People and Skills: the second of 6 articles by Mark Harris on how UK engineering can prosper under Brexit.


A key consideration when determining how Brexit will impact the engineering sector has to do with how we handle shared capital and labour as well as research & development. As discussed in my previous article, a looming UK engineering skills crisis means that we must tread wisely and decisively to ensure positive outcomes for the industry in the medium and long term.

Tapping new sources

According to the Institution of Engineering and Technology’s 2016 Skills & Demand in Industry survey, out of the 52% of engineering companies currently recruiting engineers at technician level and above, more than half are having trouble finding engineers with the right amount of experience.

A major recommendation for this report is that employers and educators forge stronger links to create more widespread opportunities for the kind of work experience that will address specific engineering skills gaps.

The report also recommends that businesses help to address the ‘experience shortage’ by taking an ‘agile’ approach to CPD (Continuing Professional Development), with a particular emphasis on the rapid pace of change within the industry.

Along with the necessity for quality work experience and continuing professional development, the report cites the need for a more inclusive engineering workforce which currently has only a “very small” proportion of women in it. It also points to the opportunity that exists in exploiting the untapped potential of recruiting from a range of more diverse backgrounds.

Beacons of excellence

It’s important to remember that the engineering sector generally has already been active in addressing skills shortages. The gradual shift in emphasis from manufacturing to service industries has led many companies to invest in programmes which promote engineering to young people.

The Royal Academy of Engineering’s ‘Engineering Talent Project’ has been set up to specifically challenge policy barriers to engineering education and it is expanding its ‘Tomorrow’s Engineers’ – a project that gives young people a hands-on experience of engineering at school. It is also pleasing to see teams from some leading UK universities among the 50 teams from around the world competing in the 2017 Airbus ‘Fly Your Ideas’ competition.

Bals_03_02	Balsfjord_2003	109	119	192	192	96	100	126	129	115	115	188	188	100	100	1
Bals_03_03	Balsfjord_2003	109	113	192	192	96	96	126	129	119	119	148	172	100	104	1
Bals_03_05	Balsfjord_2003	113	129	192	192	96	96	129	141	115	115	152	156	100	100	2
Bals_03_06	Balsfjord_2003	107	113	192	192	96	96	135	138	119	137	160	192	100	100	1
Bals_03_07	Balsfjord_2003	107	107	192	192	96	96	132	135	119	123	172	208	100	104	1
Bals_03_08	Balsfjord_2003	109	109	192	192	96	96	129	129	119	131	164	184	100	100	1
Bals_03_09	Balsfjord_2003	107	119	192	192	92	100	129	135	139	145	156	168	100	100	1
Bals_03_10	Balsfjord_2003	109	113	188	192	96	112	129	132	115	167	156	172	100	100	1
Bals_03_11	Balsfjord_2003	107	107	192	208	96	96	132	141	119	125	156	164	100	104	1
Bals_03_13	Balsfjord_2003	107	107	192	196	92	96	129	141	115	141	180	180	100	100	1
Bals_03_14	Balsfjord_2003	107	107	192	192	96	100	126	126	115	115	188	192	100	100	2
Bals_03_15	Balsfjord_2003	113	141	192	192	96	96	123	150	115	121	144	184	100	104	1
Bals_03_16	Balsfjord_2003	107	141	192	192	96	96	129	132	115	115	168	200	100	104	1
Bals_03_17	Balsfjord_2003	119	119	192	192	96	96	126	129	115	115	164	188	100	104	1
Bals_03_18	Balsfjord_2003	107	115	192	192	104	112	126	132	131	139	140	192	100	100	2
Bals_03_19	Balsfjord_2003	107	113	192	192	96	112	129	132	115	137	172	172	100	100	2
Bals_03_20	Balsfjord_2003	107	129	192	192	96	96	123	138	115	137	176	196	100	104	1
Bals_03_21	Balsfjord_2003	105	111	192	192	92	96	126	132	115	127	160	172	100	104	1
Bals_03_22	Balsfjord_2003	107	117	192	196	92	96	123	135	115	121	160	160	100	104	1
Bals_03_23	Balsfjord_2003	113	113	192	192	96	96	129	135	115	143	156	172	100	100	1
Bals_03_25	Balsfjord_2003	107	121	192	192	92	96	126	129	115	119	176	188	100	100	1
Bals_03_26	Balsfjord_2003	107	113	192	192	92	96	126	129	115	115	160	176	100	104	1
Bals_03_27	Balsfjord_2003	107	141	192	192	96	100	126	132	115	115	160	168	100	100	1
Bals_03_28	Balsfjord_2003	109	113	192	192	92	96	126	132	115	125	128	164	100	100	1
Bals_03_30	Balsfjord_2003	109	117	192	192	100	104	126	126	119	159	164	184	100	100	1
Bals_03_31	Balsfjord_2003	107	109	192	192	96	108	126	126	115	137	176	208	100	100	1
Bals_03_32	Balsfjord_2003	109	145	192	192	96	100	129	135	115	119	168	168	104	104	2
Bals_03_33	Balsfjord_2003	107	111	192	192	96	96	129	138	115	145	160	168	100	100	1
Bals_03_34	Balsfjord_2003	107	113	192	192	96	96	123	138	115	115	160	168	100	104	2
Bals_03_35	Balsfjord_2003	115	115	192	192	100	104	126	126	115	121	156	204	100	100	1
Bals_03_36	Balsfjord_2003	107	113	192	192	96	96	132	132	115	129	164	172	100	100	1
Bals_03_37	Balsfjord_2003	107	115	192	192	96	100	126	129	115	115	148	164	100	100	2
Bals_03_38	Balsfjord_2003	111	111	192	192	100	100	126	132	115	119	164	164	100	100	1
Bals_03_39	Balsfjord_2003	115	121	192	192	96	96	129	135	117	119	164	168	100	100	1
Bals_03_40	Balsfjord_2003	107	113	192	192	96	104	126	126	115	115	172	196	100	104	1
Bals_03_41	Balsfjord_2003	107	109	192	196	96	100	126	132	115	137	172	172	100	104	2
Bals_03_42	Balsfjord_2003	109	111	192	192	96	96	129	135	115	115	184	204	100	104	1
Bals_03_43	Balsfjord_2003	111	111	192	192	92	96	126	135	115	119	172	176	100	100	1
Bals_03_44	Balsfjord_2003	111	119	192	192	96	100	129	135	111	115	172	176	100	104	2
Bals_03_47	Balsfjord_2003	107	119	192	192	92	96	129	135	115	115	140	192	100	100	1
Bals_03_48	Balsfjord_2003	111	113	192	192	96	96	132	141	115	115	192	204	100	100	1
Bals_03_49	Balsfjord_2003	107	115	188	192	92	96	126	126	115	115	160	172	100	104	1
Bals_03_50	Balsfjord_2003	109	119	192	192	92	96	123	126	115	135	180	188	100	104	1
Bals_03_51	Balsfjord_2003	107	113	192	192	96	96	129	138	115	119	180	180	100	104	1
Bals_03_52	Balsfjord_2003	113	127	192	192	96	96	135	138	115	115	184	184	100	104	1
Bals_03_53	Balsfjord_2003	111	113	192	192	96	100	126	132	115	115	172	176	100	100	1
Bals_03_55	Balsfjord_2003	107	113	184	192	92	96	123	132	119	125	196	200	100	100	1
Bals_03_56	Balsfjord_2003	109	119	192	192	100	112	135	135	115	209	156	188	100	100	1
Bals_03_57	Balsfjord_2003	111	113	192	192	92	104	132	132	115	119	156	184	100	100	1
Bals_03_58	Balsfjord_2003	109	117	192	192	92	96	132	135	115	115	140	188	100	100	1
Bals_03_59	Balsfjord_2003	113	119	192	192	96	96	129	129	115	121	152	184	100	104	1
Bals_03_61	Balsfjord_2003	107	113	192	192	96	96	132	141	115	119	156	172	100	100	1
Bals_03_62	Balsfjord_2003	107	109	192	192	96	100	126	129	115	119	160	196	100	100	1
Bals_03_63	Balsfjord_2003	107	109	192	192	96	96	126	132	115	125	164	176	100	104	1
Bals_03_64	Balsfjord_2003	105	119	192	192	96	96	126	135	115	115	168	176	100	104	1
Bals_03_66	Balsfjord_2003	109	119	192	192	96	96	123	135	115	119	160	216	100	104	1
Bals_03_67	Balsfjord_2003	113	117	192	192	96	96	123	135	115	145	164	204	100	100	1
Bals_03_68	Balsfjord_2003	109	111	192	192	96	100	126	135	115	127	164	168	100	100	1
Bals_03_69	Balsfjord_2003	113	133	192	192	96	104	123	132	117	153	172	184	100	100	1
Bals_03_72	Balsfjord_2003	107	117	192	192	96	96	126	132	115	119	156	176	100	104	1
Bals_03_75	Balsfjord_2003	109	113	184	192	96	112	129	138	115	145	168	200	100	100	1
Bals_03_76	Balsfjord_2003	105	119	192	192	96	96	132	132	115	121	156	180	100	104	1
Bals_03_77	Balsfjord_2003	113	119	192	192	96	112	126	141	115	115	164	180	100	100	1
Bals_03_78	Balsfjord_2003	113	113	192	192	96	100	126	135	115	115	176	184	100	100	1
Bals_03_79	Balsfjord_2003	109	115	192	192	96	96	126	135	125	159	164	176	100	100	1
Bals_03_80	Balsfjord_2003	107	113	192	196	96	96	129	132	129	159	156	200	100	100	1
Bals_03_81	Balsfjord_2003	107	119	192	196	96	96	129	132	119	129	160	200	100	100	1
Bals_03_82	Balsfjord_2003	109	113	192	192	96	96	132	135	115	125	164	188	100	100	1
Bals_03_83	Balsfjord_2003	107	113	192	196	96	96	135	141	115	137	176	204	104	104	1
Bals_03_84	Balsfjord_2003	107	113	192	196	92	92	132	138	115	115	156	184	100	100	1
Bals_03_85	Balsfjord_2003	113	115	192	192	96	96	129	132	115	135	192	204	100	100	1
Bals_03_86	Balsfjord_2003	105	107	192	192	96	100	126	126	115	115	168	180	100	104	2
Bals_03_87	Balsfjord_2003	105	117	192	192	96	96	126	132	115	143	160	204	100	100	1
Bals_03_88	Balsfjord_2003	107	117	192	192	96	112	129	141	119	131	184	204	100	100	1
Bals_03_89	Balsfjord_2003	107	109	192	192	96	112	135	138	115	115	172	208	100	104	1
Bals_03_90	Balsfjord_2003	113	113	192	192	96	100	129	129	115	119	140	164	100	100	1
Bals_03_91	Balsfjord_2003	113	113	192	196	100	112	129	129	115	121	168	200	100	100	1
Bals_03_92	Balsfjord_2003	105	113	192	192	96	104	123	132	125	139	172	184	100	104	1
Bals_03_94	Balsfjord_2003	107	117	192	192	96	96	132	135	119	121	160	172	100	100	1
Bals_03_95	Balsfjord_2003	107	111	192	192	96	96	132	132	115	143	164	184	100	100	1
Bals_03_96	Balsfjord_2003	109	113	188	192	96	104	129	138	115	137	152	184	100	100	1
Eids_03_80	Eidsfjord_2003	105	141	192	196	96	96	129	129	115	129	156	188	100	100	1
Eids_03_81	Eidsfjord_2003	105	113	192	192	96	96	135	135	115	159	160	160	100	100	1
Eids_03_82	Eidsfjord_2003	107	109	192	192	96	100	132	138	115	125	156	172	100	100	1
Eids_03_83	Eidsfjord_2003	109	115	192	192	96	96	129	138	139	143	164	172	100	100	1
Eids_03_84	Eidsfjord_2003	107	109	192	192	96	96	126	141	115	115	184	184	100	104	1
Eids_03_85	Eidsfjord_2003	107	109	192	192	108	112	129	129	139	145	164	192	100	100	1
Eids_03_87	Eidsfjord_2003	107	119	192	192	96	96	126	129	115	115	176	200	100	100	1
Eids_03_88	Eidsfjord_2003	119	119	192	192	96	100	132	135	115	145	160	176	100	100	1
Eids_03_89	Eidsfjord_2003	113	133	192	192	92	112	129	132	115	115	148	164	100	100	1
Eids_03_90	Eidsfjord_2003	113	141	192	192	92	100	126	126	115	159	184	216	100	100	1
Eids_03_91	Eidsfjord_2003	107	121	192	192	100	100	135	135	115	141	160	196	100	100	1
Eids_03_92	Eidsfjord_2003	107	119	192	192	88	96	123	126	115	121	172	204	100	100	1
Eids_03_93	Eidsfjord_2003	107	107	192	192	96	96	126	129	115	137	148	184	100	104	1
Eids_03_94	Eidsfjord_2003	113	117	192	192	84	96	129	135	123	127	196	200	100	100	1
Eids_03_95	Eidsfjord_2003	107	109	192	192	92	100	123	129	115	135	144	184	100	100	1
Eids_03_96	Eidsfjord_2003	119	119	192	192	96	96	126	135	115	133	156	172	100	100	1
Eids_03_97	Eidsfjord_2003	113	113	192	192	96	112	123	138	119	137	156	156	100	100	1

Programmes such as these are essential in mitigating any future skills crisis but they must begin much earlier. Engineering has to become bedded into the educational mainstream and this will only happen if the skills, processes and ideas are present as curriculum topics in subjects such as Mathematics and Design & Technology. And this means not only in the teaching materials, but also that the key teaching staff have a good appreciation of engineering. Otherwise, it’s just too late for many, who have already begun forming broad ideas for career choices.

Maintaining academic mobility

Up till now, the UK has attracted some of the world’s best researchers. According to 2014/5 figures from the Higher Education Statistics Agency, 11% of the UK’s academic staff come from other countries in the EU, but in engineering, that figure is 15%. In terms of academic research, it is vital that UK academic institutions continue to be attractive for researchers, with support for the mobility of research staff, at least in line with academic institutions in EU countries.

UK researchers also need to have the facility to spend time in EU countries. If Brexit brings reduced access, we need other means to give researchers and students the international experience they need. It’s also vital to the future growth and health of our engineering industry that the UK retains access to world-class EU research facilities.

A successful Brexit is about developing a clear understanding of all the ways that the UK is currently dependent on the EU. For the UK engineering industry there’s a lot to get right. Besides exploring and exploiting new sources of talent and creating programmes of excellence to address highly specific skills gaps, we must take account of the benefits of our current access to European funding, labour and shared research – and ensure we have enough measures to replace them in a way that protects the industry and ensures its healthy future.

I hope you found this piece thought-provoking. My next article in this series about UK engineering post-Brexit is the first of two pieces examining the vital role of innovation.